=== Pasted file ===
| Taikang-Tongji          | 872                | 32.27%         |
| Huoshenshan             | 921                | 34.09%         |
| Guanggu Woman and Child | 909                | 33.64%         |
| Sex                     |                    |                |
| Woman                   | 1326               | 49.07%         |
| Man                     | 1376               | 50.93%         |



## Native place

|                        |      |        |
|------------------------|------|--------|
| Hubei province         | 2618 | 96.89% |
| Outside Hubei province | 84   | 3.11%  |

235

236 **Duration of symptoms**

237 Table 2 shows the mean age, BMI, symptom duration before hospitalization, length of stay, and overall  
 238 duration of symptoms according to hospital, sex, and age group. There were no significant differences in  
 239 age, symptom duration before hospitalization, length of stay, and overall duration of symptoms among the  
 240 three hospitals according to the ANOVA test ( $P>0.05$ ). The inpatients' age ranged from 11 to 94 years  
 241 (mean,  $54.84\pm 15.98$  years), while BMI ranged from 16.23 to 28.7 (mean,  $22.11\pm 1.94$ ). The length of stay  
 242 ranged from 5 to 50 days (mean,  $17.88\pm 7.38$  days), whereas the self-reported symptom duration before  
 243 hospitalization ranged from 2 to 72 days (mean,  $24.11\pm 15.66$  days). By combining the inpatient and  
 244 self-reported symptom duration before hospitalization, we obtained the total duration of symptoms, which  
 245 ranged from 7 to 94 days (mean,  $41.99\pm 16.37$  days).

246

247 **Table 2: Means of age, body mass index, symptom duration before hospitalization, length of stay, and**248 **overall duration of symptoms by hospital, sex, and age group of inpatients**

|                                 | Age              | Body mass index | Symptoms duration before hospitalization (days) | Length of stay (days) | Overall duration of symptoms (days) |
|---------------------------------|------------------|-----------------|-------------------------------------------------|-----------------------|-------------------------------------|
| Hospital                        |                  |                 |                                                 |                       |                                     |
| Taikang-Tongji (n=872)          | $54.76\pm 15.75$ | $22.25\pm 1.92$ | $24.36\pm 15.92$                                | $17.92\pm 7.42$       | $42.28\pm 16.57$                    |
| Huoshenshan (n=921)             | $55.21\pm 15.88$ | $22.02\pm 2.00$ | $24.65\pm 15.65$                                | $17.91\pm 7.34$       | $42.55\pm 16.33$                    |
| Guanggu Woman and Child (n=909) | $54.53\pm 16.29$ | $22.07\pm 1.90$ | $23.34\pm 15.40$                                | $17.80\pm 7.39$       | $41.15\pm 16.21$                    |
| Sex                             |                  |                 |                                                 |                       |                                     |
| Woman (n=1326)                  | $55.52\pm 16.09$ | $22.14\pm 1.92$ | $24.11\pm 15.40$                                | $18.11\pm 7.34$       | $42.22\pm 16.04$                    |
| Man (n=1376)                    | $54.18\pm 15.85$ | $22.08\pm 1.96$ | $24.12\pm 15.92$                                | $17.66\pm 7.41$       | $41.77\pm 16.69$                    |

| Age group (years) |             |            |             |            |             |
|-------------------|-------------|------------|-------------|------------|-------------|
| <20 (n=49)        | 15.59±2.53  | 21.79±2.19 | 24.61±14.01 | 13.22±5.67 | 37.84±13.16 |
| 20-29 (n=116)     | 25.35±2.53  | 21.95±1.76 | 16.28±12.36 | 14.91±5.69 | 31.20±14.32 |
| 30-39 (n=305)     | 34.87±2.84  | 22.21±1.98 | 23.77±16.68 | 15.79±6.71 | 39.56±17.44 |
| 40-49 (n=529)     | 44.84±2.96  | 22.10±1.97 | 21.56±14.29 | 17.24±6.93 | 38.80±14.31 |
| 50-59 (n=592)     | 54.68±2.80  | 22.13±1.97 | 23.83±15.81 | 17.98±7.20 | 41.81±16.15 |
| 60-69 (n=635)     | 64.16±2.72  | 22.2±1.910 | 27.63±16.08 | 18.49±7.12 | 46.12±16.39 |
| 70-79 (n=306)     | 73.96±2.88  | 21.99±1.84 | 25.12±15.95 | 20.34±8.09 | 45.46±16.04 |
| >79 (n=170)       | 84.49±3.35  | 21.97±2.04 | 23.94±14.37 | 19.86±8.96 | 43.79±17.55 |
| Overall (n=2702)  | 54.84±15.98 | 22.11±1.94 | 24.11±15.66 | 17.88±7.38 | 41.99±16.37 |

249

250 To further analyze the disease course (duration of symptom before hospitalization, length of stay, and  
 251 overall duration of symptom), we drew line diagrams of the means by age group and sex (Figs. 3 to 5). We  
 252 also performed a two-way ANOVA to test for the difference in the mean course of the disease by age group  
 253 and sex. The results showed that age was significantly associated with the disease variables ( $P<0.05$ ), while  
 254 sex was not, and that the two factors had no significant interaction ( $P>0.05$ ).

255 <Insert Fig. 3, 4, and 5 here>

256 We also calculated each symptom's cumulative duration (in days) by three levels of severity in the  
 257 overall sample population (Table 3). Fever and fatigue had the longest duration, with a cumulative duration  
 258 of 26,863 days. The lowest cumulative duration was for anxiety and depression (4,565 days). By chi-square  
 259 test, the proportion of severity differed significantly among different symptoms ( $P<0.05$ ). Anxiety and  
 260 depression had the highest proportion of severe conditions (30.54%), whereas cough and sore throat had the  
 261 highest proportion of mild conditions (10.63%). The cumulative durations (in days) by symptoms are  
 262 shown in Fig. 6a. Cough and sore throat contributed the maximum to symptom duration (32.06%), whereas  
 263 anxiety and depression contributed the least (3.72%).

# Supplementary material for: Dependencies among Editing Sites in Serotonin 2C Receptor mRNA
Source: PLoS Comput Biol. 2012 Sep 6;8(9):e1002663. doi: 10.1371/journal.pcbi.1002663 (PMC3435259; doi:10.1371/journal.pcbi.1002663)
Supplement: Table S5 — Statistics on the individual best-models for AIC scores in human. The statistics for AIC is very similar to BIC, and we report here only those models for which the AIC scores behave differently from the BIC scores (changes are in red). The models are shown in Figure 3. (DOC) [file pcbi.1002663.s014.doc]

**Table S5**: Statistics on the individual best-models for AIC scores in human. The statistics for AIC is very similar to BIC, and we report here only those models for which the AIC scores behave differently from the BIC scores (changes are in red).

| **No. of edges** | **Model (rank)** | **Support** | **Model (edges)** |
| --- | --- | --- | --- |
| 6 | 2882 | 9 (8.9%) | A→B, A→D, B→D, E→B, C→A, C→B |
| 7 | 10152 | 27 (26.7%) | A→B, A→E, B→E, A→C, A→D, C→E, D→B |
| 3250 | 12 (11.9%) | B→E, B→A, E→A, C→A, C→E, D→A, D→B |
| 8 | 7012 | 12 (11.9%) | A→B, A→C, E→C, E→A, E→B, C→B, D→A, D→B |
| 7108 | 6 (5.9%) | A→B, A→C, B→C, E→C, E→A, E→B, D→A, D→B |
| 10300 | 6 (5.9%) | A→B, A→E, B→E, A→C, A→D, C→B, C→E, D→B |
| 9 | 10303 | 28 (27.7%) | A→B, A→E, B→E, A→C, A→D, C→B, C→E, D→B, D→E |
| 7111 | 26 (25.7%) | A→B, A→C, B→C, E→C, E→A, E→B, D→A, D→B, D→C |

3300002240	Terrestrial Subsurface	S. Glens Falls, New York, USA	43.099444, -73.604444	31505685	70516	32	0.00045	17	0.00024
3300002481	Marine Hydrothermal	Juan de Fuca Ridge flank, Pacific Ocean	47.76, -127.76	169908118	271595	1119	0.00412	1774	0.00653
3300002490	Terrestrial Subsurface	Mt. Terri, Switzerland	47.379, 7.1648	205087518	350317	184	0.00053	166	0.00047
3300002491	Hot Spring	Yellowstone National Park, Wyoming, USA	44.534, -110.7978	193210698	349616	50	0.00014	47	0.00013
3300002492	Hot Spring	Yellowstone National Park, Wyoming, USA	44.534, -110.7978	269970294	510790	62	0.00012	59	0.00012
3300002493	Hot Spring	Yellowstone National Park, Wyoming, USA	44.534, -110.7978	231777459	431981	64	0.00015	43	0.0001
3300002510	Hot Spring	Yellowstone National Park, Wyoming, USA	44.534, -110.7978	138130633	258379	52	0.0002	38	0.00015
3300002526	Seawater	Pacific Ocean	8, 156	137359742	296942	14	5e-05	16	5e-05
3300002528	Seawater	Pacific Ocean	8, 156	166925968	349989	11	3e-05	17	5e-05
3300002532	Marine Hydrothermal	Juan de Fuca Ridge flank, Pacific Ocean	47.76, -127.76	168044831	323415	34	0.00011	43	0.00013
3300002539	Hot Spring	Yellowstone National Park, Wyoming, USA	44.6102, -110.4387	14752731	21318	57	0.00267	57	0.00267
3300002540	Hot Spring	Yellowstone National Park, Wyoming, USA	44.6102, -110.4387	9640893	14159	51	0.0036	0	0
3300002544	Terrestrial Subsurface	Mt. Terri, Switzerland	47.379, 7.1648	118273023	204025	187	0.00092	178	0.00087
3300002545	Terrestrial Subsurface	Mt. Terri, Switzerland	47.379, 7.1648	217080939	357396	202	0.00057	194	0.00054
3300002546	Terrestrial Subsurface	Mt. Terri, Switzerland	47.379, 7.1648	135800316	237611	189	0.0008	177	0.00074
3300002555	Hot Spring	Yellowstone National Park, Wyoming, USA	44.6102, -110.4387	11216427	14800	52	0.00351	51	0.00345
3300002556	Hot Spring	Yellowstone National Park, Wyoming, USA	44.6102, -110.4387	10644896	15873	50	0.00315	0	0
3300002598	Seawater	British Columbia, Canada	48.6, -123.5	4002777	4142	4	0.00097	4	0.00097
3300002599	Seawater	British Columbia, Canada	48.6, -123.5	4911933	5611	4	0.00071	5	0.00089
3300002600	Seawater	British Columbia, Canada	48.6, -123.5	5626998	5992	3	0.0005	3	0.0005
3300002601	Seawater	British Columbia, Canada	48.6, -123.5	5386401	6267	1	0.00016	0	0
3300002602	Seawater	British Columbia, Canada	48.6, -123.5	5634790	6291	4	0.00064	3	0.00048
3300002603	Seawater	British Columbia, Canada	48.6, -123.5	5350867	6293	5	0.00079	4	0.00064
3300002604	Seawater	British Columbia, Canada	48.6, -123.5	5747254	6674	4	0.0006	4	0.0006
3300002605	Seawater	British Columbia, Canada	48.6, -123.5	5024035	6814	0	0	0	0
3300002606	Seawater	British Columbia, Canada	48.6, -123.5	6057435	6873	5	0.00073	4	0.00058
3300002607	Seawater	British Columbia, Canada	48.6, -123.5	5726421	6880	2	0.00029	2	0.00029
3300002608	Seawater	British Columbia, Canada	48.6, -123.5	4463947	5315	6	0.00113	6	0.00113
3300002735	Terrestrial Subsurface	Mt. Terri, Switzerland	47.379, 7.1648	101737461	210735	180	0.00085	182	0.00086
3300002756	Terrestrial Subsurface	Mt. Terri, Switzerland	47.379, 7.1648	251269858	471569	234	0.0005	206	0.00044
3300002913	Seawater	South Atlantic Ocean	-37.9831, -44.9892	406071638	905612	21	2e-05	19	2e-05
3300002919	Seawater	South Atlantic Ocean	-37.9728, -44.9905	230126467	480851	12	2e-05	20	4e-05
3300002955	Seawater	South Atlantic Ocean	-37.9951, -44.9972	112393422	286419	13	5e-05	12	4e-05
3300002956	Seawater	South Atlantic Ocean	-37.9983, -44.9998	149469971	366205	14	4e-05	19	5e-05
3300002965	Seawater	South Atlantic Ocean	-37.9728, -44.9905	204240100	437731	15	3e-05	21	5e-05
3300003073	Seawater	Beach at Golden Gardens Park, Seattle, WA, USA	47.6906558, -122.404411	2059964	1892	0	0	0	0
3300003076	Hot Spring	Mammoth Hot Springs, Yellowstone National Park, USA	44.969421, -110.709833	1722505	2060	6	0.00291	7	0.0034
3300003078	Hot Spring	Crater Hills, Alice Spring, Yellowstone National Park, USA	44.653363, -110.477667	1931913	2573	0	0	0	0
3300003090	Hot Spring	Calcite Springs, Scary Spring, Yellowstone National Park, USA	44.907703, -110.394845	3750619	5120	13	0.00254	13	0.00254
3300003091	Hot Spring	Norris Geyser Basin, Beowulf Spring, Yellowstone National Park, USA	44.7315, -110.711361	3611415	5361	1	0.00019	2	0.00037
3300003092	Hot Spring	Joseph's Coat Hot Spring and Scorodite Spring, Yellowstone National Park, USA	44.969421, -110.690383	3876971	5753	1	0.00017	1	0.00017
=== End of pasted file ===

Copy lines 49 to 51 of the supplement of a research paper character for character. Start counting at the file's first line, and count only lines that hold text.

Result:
 253 and sex. The results showed that age was significantly associated with the disease variables ( $P<0.05$ ), while  
 254 sex was not, and that the two factors had no significant interaction ( $P>0.05$ ).

255 <Insert Fig. 3, 4, and 5 here>